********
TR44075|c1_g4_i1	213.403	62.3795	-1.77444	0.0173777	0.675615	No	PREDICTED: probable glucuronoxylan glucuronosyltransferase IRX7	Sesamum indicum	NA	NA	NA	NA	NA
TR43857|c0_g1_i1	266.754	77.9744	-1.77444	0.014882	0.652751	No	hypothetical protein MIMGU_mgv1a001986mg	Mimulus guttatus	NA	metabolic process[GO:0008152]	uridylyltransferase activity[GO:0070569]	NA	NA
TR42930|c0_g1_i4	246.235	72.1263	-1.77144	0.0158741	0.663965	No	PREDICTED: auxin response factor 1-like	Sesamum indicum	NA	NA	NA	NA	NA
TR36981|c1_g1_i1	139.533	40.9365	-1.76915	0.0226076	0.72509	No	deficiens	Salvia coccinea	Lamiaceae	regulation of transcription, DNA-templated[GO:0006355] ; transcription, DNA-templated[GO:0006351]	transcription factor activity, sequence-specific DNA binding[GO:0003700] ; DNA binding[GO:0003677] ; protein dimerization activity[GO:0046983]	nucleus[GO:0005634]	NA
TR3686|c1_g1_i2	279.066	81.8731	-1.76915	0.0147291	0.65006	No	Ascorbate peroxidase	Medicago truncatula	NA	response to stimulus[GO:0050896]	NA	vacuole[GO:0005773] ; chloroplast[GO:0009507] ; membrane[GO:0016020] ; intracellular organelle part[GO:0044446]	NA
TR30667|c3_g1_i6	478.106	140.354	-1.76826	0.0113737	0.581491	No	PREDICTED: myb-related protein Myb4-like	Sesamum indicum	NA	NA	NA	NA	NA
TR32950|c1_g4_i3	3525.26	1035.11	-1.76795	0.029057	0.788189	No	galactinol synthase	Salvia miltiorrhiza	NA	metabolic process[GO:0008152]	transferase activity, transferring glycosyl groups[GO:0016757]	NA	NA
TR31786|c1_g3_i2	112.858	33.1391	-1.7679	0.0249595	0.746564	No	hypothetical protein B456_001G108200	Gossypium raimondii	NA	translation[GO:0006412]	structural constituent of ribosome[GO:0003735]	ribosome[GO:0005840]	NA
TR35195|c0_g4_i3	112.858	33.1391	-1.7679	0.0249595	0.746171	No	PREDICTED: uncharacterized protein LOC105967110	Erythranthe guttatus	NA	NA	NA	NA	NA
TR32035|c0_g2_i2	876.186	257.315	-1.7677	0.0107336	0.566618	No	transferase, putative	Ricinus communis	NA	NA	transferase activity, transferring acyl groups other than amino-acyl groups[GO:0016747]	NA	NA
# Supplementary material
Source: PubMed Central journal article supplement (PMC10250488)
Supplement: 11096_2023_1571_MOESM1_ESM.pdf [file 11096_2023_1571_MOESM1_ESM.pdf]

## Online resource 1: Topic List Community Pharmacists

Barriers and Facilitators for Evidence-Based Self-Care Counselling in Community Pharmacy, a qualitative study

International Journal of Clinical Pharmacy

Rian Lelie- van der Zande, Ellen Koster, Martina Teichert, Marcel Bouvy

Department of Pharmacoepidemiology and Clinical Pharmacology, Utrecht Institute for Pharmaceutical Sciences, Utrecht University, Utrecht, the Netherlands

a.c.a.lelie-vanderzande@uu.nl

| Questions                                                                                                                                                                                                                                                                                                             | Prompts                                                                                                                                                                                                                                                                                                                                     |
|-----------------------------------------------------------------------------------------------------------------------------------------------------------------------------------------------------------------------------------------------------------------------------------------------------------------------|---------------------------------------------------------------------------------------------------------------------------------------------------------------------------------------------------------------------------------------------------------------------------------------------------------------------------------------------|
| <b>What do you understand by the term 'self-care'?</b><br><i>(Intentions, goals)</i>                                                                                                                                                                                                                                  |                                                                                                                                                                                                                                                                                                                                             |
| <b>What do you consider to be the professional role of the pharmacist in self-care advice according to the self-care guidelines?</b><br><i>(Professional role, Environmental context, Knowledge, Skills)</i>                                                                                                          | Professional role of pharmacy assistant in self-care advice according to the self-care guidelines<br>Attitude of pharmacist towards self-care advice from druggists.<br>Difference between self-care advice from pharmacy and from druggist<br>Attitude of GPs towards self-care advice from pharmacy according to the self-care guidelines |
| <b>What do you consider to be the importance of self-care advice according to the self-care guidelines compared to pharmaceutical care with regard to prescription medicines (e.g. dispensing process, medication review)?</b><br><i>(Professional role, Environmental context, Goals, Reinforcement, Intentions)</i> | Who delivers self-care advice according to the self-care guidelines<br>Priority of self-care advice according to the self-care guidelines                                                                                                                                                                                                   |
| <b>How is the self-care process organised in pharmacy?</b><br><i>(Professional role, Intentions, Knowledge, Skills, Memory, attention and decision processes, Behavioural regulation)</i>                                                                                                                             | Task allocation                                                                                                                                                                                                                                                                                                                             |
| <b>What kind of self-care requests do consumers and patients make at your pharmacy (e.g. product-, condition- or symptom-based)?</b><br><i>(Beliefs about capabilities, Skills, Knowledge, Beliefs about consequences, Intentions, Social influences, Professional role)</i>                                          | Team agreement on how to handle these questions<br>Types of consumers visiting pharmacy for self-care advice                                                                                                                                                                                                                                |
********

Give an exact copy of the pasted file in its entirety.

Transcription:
TR44075|c1_g4_i1	213.403	62.3795	-1.77444	0.0173777	0.675615	No	PREDICTED: probable glucuronoxylan glucuronosyltransferase IRX7	Sesamum indicum	NA	NA	NA	NA	NA
TR43857|c0_g1_i1	266.754	77.9744	-1.77444	0.014882	0.652751	No	hypothetical protein MIMGU_mgv1a001986mg	Mimulus guttatus	NA	metabolic process[GO:0008152]	uridylyltransferase activity[GO:0070569]	NA	NA
TR42930|c0_g1_i4	246.235	72.1263	-1.77144	0.0158741	0.663965	No	PREDICTED: auxin response factor 1-like	Sesamum indicum	NA	NA	NA	NA	NA
TR36981|c1_g1_i1	139.533	40.9365	-1.76915	0.0226076	0.72509	No	deficiens	Salvia coccinea	Lamiaceae	regulation of transcription, DNA-templated[GO:0006355] ; transcription, DNA-templated[GO:0006351]	transcription factor activity, sequence-specific DNA binding[GO:0003700] ; DNA binding[GO:0003677] ; protein dimerization activity[GO:0046983]	nucleus[GO:0005634]	NA
TR3686|c1_g1_i2	279.066	81.8731	-1.76915	0.0147291	0.65006	No	Ascorbate peroxidase	Medicago truncatula	NA	response to stimulus[GO:0050896]	NA	vacuole[GO:0005773] ; chloroplast[GO:0009507] ; membrane[GO:0016020] ; intracellular organelle part[GO:0044446]	NA
TR30667|c3_g1_i6	478.106	140.354	-1.76826	0.0113737	0.581491	No	PREDICTED: myb-related protein Myb4-like	Sesamum indicum	NA	NA	NA	NA	NA
TR32950|c1_g4_i3	3525.26	1035.11	-1.76795	0.029057	0.788189	No	galactinol synthase	Salvia miltiorrhiza	NA	metabolic process[GO:0008152]	transferase activity, transferring glycosyl groups[GO:0016757]	NA	NA
TR31786|c1_g3_i2	112.858	33.1391	-1.7679	0.0249595	0.746564	No	hypothetical protein B456_001G108200	Gossypium raimondii	NA	translation[GO:0006412]	structural constituent of ribosome[GO:0003735]	ribosome[GO:0005840]	NA
TR35195|c0_g4_i3	112.858	33.1391	-1.7679	0.0249595	0.746171	No	PREDICTED: uncharacterized protein LOC105967110	Erythranthe guttatus	NA	NA	NA	NA	NA
TR32035|c0_g2_i2	876.186	257.315	-1.7677	0.0107336	0.566618	No	transferase, putative	Ricinus communis	NA	NA	transferase activity, transferring acyl groups other than amino-acyl groups[GO:0016747]	NA	NA
# Supplementary material
Source: PubMed Central journal article supplement (PMC10250488)
Supplement: 11096_2023_1571_MOESM1_ESM.pdf [file 11096_2023_1571_MOESM1_ESM.pdf]

## Online resource 1: Topic List Community Pharmacists

Barriers and Facilitators for Evidence-Based Self-Care Counselling in Community Pharmacy, a qualitative study

International Journal of Clinical Pharmacy

Rian Lelie- van der Zande, Ellen Koster, Martina Teichert, Marcel Bouvy

Department of Pharmacoepidemiology and Clinical Pharmacology, Utrecht Institute for Pharmaceutical Sciences, Utrecht University, Utrecht, the Netherlands

a.c.a.lelie-vanderzande@uu.nl

| Questions                                                                                                                                                                                                                                                                                                             | Prompts                                                                                                                                                                                                                                                                                                                                     |
|-----------------------------------------------------------------------------------------------------------------------------------------------------------------------------------------------------------------------------------------------------------------------------------------------------------------------|---------------------------------------------------------------------------------------------------------------------------------------------------------------------------------------------------------------------------------------------------------------------------------------------------------------------------------------------|
| <b>What do you understand by the term 'self-care'?</b><br><i>(Intentions, goals)</i>                                                                                                                                                                                                                                  |                                                                                                                                                                                                                                                                                                                                             |
| <b>What do you consider to be the professional role of the pharmacist in self-care advice according to the self-care guidelines?</b><br><i>(Professional role, Environmental context, Knowledge, Skills)</i>                                                                                                          | Professional role of pharmacy assistant in self-care advice according to the self-care guidelines<br>Attitude of pharmacist towards self-care advice from druggists.<br>Difference between self-care advice from pharmacy and from druggist<br>Attitude of GPs towards self-care advice from pharmacy according to the self-care guidelines |
| <b>What do you consider to be the importance of self-care advice according to the self-care guidelines compared to pharmaceutical care with regard to prescription medicines (e.g. dispensing process, medication review)?</b><br><i>(Professional role, Environmental context, Goals, Reinforcement, Intentions)</i> | Who delivers self-care advice according to the self-care guidelines<br>Priority of self-care advice according to the self-care guidelines                                                                                                                                                                                                   |
| <b>How is the self-care process organised in pharmacy?</b><br><i>(Professional role, Intentions, Knowledge, Skills, Memory, attention and decision processes, Behavioural regulation)</i>                                                                                                                             | Task allocation                                                                                                                                                                                                                                                                                                                             |
| <b>What kind of self-care requests do consumers and patients make at your pharmacy (e.g. product-, condition- or symptom-based)?</b><br><i>(Beliefs about capabilities, Skills, Knowledge, Beliefs about consequences, Intentions, Social influences, Professional role)</i>                                          | Team agreement on how to handle these questions<br>Types of consumers visiting pharmacy for self-care advice                                                                                                                                                                                                                                |